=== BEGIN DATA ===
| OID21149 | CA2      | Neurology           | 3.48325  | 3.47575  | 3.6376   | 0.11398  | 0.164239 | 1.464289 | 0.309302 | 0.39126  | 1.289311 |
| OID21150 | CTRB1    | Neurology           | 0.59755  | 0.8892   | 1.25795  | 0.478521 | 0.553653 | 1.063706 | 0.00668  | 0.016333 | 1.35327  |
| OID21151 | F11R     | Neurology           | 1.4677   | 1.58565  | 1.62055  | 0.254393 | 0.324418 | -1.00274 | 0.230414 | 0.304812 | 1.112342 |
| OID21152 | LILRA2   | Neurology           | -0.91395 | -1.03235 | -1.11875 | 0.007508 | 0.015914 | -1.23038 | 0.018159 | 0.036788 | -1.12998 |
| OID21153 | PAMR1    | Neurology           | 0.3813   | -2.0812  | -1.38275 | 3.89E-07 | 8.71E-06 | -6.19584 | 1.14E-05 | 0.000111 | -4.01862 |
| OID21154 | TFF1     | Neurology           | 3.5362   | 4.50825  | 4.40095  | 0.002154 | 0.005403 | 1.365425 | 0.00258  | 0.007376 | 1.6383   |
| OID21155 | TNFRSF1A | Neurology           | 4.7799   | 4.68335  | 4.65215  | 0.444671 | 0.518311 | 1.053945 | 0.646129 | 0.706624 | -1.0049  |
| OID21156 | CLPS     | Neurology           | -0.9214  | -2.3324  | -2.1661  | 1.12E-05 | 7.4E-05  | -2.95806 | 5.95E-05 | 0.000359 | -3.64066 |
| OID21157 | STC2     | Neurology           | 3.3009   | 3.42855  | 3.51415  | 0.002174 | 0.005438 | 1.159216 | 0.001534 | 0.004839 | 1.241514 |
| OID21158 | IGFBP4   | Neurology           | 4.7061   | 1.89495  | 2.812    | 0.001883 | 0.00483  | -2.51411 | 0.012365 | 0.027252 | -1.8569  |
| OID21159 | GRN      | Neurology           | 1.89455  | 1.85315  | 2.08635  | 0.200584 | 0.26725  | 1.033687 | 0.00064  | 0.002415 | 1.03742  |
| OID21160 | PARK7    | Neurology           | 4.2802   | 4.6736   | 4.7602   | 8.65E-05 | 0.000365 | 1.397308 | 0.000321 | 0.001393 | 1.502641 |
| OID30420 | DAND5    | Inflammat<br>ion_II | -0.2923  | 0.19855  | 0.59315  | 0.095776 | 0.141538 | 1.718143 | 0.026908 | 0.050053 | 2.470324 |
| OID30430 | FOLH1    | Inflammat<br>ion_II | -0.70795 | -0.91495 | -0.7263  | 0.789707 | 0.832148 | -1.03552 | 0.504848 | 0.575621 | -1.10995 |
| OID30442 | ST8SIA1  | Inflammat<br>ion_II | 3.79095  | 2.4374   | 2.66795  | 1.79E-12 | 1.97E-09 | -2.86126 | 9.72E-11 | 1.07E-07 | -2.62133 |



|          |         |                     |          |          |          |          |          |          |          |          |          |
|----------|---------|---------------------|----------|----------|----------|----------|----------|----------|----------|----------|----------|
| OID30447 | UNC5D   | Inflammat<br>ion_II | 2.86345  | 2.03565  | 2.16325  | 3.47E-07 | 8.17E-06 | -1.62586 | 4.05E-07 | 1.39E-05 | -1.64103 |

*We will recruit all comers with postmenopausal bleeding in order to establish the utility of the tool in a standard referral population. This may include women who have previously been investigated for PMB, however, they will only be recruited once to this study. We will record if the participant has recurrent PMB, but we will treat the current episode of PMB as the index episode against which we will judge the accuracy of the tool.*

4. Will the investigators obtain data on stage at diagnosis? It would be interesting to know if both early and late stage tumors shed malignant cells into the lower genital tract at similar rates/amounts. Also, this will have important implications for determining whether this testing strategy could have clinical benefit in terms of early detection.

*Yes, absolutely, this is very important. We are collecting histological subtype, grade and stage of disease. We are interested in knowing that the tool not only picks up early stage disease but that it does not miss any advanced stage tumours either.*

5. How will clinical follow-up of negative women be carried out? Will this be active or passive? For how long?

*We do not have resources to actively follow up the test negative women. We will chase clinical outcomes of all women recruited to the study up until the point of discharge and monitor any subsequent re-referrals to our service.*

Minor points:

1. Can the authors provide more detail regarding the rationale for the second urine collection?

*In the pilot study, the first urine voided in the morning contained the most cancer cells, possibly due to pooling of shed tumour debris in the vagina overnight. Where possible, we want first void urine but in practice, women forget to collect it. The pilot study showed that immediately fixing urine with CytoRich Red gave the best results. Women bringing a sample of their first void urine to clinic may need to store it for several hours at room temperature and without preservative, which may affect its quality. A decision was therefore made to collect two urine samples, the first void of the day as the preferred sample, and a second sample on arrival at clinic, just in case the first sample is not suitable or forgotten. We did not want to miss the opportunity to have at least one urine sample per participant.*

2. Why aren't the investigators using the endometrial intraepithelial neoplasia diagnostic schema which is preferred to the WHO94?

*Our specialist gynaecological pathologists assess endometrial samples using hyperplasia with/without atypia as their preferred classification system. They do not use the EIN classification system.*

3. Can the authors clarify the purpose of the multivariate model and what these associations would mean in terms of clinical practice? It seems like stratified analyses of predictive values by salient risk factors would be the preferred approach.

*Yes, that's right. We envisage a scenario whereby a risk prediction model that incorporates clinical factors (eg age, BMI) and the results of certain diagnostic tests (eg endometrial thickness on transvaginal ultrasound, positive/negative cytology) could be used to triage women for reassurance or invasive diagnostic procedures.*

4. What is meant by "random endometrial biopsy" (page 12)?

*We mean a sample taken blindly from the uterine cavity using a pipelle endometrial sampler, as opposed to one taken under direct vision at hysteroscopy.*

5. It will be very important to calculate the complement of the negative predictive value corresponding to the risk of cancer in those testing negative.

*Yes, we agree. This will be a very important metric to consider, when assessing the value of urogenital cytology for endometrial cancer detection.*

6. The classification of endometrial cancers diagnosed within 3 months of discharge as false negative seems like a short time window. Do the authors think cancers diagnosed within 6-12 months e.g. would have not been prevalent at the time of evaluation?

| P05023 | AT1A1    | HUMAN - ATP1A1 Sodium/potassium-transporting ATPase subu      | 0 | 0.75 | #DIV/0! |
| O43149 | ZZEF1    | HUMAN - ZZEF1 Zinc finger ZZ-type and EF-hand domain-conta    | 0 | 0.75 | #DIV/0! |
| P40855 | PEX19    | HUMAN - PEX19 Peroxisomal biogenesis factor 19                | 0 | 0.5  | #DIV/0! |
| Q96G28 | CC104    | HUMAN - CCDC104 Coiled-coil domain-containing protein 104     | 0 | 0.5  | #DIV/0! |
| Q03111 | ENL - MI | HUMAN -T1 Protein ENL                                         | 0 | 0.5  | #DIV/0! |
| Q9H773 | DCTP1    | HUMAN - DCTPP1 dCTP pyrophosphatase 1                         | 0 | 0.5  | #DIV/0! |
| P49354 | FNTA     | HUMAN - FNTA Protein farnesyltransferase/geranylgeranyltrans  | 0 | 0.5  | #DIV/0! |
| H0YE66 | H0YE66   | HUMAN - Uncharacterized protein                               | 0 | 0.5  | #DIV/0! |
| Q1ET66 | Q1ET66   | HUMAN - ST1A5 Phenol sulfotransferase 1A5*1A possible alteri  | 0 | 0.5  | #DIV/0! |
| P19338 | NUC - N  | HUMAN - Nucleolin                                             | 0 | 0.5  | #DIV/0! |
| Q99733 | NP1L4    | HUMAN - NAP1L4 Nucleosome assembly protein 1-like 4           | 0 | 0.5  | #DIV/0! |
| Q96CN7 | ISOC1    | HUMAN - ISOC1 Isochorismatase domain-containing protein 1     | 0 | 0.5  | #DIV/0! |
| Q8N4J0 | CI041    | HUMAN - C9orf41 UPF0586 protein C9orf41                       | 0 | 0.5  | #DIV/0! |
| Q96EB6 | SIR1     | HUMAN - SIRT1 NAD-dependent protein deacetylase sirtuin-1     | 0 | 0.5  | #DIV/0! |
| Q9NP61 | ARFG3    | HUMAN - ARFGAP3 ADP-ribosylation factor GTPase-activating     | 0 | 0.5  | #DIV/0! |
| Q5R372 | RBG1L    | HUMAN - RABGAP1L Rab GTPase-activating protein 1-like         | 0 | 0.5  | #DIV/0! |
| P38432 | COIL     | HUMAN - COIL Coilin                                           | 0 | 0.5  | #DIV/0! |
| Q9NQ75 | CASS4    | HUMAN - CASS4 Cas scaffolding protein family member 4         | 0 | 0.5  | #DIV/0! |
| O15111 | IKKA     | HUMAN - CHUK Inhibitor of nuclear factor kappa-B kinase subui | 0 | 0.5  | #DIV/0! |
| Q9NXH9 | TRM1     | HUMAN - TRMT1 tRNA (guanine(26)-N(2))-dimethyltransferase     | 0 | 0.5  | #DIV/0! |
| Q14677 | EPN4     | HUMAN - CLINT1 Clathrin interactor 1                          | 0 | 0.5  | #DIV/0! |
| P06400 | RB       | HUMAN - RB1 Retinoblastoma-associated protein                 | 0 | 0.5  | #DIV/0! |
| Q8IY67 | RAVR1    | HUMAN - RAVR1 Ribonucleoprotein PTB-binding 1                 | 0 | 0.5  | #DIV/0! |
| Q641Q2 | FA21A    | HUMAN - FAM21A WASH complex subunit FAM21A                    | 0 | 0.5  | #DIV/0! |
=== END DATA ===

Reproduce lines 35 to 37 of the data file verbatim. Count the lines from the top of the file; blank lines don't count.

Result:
6. The classification of endometrial cancers diagnosed within 3 months of discharge as false negative seems like a short time window. Do the authors think cancers diagnosed within 6-12 months e.g. would have not been prevalent at the time of evaluation?

| P05023 | AT1A1    | HUMAN - ATP1A1 Sodium/potassium-transporting ATPase subu      | 0 | 0.75 | #DIV/0! |
| O43149 | ZZEF1    | HUMAN - ZZEF1 Zinc finger ZZ-type and EF-hand domain-conta    | 0 | 0.75 | #DIV/0! |